Many of the mushrooming belt shops are being run by women, say speakers

The State government cannot play with the lives of people by pushing up the sale of liquor under the guise of generating revenue, speakers at a roundtable have opined.

Speakers from a cross section of society have condemned the government’s role in promoting a vice and termed it unethical.

They were participating in the roundtable on ‘Sale of liquor and its impact on coming elections’ organised jointly by Andhra University Dr. Durgabai Deshmukh Centre for Women’s Studies and Chaitanya Sravanti here on Tuesday.

Most political parties were represented at the discussion, a report of which would be sent to the Election Commission by the organisers.

The government’s stand that revenues from tax on liquor sales were essential for financing welfare schemes was more of an excuse as there were examples of State governments mobilising revenues without having to depend on liquor sales, Principal of AU College of Arts, Science, and Commerce D. Prabhakara Rao said, presiding over the inaugural session. “An individual, who is under the influence of liquor, loses a sense of time and health, and it affects his/ her finances,” AU Vice-Chancellor G.S.N. Raju, who was the chief guest, said.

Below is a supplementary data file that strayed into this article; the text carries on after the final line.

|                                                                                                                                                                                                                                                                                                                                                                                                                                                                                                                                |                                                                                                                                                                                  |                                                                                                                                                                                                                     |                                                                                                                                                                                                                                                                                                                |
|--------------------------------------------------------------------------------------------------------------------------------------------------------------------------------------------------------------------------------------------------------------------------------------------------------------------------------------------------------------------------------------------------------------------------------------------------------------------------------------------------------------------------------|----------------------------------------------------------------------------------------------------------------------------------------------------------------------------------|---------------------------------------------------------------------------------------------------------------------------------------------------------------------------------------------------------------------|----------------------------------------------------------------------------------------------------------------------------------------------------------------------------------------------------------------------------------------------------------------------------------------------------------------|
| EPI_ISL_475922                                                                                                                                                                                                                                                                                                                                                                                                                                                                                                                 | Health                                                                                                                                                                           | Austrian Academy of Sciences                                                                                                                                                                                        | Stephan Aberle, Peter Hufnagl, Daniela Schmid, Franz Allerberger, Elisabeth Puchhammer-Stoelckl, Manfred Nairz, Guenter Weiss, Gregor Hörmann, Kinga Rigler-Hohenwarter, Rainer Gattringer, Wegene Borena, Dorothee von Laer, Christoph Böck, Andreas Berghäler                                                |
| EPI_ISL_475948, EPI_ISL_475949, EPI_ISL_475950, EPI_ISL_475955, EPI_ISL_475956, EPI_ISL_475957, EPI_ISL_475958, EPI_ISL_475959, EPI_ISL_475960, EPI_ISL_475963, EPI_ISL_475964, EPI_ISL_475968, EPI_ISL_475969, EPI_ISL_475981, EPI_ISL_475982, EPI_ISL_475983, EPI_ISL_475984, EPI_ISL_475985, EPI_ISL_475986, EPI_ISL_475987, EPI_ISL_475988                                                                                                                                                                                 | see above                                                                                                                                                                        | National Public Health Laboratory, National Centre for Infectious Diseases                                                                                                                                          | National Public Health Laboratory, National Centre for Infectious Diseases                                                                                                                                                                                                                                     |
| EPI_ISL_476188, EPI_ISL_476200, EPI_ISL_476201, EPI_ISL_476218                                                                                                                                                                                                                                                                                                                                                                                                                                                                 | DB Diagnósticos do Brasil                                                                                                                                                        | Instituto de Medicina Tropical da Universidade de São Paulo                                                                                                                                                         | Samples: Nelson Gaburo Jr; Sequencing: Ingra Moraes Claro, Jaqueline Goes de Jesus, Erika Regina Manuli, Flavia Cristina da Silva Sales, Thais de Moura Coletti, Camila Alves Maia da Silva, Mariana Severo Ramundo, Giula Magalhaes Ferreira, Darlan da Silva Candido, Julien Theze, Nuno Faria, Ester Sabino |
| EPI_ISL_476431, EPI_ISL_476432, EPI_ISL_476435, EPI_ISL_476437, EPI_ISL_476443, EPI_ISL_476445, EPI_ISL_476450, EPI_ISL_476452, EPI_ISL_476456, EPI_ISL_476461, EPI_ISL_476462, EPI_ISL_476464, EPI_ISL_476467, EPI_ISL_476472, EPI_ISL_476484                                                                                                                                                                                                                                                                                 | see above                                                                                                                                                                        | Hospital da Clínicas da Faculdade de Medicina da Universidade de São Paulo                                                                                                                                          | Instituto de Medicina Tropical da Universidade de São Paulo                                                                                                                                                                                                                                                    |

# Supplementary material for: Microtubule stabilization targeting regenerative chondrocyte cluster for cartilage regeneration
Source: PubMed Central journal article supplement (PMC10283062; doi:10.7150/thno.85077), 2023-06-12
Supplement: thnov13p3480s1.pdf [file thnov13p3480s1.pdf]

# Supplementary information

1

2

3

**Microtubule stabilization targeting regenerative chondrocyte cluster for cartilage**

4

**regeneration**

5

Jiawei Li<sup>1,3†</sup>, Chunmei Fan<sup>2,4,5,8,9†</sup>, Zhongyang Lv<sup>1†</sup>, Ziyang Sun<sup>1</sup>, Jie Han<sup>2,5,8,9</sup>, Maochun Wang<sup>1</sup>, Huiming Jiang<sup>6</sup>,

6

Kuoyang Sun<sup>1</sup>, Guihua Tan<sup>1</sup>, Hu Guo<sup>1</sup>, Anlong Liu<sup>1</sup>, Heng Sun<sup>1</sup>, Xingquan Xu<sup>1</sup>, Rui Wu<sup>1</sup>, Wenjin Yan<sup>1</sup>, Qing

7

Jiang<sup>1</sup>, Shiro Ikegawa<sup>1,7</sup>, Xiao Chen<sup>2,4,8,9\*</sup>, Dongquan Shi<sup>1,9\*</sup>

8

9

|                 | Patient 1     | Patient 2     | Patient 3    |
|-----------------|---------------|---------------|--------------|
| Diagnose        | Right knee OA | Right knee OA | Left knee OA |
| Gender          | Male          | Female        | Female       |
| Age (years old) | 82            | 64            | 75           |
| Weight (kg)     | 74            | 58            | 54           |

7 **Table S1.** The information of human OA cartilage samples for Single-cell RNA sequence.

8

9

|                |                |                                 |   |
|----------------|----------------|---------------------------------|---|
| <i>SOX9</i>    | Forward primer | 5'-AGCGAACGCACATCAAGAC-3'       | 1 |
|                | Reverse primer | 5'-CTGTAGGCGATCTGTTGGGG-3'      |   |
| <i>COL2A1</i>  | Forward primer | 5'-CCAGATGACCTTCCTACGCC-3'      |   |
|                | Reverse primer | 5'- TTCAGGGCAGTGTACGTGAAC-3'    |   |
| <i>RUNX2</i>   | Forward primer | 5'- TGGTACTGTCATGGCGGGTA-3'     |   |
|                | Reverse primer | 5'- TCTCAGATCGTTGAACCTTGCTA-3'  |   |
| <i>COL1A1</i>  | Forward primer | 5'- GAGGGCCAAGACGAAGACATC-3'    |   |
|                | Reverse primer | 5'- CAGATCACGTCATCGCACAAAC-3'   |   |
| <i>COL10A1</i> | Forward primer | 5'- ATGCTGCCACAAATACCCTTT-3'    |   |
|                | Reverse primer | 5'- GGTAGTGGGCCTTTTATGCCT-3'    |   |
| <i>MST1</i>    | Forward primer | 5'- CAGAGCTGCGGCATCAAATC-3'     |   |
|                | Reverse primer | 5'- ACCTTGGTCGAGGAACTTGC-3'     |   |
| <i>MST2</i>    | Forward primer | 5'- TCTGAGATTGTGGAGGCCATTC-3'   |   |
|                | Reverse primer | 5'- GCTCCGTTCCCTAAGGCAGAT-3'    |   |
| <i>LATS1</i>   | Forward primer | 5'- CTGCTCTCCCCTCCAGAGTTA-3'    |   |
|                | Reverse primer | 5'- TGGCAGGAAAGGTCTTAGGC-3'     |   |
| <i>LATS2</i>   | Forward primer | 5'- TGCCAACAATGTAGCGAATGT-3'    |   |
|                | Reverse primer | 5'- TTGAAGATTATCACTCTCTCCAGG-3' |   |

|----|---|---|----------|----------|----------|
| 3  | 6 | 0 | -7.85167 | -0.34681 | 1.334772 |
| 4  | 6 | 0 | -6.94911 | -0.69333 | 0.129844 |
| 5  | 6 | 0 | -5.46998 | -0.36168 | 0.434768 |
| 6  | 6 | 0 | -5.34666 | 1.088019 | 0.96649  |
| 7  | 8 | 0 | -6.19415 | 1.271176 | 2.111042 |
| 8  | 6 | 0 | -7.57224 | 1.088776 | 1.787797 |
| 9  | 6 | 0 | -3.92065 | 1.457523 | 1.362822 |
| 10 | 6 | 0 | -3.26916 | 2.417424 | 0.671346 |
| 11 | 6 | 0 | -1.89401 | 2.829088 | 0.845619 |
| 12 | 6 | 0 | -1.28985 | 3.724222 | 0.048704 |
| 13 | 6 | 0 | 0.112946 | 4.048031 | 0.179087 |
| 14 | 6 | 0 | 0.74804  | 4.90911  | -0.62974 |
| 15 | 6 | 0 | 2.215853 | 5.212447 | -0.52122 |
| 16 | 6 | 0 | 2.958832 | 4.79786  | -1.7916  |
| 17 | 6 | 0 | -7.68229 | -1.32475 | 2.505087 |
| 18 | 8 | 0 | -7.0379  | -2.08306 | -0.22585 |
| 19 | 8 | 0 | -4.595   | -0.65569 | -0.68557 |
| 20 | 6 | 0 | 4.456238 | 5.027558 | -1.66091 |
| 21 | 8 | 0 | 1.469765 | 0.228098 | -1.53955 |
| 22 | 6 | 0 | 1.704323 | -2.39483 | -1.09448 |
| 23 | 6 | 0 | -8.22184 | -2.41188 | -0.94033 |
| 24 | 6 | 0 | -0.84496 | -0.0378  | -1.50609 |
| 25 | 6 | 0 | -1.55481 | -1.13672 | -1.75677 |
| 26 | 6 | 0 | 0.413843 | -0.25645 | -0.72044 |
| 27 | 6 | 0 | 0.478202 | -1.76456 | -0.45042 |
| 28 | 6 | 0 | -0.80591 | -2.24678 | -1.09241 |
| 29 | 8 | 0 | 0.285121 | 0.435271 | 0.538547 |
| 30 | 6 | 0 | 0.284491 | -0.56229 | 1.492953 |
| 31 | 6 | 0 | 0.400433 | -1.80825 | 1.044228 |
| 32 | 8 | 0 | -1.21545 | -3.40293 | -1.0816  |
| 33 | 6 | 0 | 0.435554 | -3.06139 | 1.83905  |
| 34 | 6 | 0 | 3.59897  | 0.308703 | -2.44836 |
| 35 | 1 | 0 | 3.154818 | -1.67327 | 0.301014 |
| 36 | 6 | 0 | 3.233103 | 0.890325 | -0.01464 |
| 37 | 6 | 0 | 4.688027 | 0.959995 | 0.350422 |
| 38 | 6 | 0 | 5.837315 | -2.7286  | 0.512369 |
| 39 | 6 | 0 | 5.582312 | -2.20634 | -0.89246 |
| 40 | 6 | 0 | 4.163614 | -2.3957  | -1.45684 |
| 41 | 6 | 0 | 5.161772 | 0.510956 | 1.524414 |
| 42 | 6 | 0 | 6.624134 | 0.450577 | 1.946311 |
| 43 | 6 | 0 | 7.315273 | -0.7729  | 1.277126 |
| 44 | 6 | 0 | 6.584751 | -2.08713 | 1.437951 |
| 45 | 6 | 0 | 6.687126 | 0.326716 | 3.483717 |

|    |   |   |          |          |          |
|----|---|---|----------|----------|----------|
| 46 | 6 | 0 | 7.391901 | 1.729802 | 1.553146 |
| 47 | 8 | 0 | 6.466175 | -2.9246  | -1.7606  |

“Liquor impairs the sense of judgment of the individual, and it is unfortunate that though people are aware of its ill-effects, the consumption of liquor has not come down,” he added.

Former Union Secretary and president of the Forum for Better Visakha E.A.S. Sarma asked the voters to draft a people’s manifesto and elect only such candidates who were willing to abide by it.

“Only when women come out in large numbers can a prohibition movement be taken up,” he said.

Ironically, many of the mushrooming belt shops were being run by women and, in some instances, these women had lost their husbands to liquor addiction, some of the participants pointed out.

Had the State government implemented prohibition that was introduced 20 years ago, the new generation of children would not have picked up the habit, CPI leader and former corporator Stalin said.

President of Chaitanya Sravanti Shirin Rehman, director of the Centre for Women’s Studies B. Ratna Kumari, and representatives of political parties and civil society organisations were present.

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